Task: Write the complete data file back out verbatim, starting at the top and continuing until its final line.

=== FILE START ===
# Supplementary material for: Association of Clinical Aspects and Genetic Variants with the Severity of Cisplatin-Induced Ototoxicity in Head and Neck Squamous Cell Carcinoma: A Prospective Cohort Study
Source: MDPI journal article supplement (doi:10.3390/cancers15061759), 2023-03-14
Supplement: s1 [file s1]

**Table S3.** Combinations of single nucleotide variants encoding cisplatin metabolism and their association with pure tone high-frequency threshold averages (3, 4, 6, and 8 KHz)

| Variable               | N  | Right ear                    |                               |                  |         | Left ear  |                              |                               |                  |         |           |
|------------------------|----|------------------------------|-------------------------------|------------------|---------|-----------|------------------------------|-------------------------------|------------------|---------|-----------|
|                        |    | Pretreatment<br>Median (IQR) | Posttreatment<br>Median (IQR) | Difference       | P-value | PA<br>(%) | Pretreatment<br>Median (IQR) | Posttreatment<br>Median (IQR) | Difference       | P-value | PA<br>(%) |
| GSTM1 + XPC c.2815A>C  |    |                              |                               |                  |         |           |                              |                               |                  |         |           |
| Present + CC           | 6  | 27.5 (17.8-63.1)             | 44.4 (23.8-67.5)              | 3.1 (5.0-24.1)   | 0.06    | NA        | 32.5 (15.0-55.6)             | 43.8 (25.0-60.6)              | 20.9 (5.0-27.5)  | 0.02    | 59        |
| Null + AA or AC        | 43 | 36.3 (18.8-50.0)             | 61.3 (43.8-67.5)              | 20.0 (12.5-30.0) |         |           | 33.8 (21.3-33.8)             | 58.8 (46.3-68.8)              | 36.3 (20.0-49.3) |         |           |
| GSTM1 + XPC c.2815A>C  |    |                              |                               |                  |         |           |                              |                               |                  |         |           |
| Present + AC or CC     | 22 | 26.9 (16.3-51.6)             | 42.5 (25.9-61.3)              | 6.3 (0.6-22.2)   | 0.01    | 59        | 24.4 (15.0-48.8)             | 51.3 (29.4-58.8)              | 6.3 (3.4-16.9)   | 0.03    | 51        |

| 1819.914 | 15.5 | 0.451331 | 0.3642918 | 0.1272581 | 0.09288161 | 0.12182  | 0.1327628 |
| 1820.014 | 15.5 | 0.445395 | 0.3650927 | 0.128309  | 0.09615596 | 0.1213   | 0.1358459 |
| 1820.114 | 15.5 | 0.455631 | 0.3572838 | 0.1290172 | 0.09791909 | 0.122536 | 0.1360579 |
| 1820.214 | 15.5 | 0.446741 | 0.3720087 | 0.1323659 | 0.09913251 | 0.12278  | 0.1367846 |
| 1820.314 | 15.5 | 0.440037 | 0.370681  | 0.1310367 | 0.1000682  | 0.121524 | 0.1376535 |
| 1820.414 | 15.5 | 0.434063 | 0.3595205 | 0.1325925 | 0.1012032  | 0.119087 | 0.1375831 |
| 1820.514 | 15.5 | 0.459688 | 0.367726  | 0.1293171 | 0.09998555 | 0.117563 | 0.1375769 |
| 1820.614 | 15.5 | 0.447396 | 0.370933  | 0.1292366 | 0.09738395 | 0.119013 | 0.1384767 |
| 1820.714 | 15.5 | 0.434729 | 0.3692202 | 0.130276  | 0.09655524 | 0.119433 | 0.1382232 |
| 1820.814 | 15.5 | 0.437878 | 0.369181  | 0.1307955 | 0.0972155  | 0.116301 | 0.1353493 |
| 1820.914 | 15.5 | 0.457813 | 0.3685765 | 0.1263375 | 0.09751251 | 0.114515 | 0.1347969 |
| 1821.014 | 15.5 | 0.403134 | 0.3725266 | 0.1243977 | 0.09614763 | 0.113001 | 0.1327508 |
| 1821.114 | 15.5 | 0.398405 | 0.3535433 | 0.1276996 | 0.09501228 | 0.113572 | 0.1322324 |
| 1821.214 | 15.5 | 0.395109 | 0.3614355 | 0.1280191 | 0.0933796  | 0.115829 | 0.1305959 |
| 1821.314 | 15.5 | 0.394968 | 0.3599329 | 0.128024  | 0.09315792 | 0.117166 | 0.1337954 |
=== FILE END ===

# Supplementary material for: Association of Clinical Aspects and Genetic Variants with the Severity of Cisplatin-Induced Ototoxicity in Head and Neck Squamous Cell Carcinoma: A Prospective Cohort Study
Source: MDPI journal article supplement (doi:10.3390/cancers15061759), 2023-03-14
Supplement: s1 [file s1]

**Table S3.** Combinations of single nucleotide variants encoding cisplatin metabolism and their association with pure tone high-frequency threshold averages (3, 4, 6, and 8 KHz)

| Variable               | N  | Right ear                    |                               |                  |         | Left ear  |                              |                               |                  |         |           |
|------------------------|----|------------------------------|-------------------------------|------------------|---------|-----------|------------------------------|-------------------------------|------------------|---------|-----------|
|                        |    | Pretreatment<br>Median (IQR) | Posttreatment<br>Median (IQR) | Difference       | P-value | PA<br>(%) | Pretreatment<br>Median (IQR) | Posttreatment<br>Median (IQR) | Difference       | P-value | PA<br>(%) |
| GSTM1 + XPC c.2815A>C  |    |                              |                               |                  |         |           |                              |                               |                  |         |           |
| Present + CC           | 6  | 27.5 (17.8-63.1)             | 44.4 (23.8-67.5)              | 3.1 (5.0-24.1)   | 0.06    | NA        | 32.5 (15.0-55.6)             | 43.8 (25.0-60.6)              | 20.9 (5.0-27.5)  | 0.02    | 59        |
| Null + AA or AC        | 43 | 36.3 (18.8-50.0)             | 61.3 (43.8-67.5)              | 20.0 (12.5-30.0) |         |           | 33.8 (21.3-33.8)             | 58.8 (46.3-68.8)              | 36.3 (20.0-49.3) |         |           |
| GSTM1 + XPC c.2815A>C  |    |                              |                               |                  |         |           |                              |                               |                  |         |           |
| Present + AC or CC     | 22 | 26.9 (16.3-51.6)             | 42.5 (25.9-61.3)              | 6.3 (0.6-22.2)   | 0.01    | 59        | 24.4 (15.0-48.8)             | 51.3 (29.4-58.8)              | 6.3 (3.4-16.9)   | 0.03    | 51        |

| 1819.914 | 15.5 | 0.451331 | 0.3642918 | 0.1272581 | 0.09288161 | 0.12182  | 0.1327628 |
| 1820.014 | 15.5 | 0.445395 | 0.3650927 | 0.128309  | 0.09615596 | 0.1213   | 0.1358459 |
| 1820.114 | 15.5 | 0.455631 | 0.3572838 | 0.1290172 | 0.09791909 | 0.122536 | 0.1360579 |
| 1820.214 | 15.5 | 0.446741 | 0.3720087 | 0.1323659 | 0.09913251 | 0.12278  | 0.1367846 |
| 1820.314 | 15.5 | 0.440037 | 0.370681  | 0.1310367 | 0.1000682  | 0.121524 | 0.1376535 |
| 1820.414 | 15.5 | 0.434063 | 0.3595205 | 0.1325925 | 0.1012032  | 0.119087 | 0.1375831 |
| 1820.514 | 15.5 | 0.459688 | 0.367726  | 0.1293171 | 0.09998555 | 0.117563 | 0.1375769 |
| 1820.614 | 15.5 | 0.447396 | 0.370933  | 0.1292366 | 0.09738395 | 0.119013 | 0.1384767 |
| 1820.714 | 15.5 | 0.434729 | 0.3692202 | 0.130276  | 0.09655524 | 0.119433 | 0.1382232 |
| 1820.814 | 15.5 | 0.437878 | 0.369181  | 0.1307955 | 0.0972155  | 0.116301 | 0.1353493 |
| 1820.914 | 15.5 | 0.457813 | 0.3685765 | 0.1263375 | 0.09751251 | 0.114515 | 0.1347969 |
| 1821.014 | 15.5 | 0.403134 | 0.3725266 | 0.1243977 | 0.09614763 | 0.113001 | 0.1327508 |
| 1821.114 | 15.5 | 0.398405 | 0.3535433 | 0.1276996 | 0.09501228 | 0.113572 | 0.1322324 |
| 1821.214 | 15.5 | 0.395109 | 0.3614355 | 0.1280191 | 0.0933796  | 0.115829 | 0.1305959 |
| 1821.314 | 15.5 | 0.394968 | 0.3599329 | 0.128024  | 0.09315792 | 0.117166 | 0.1337954 |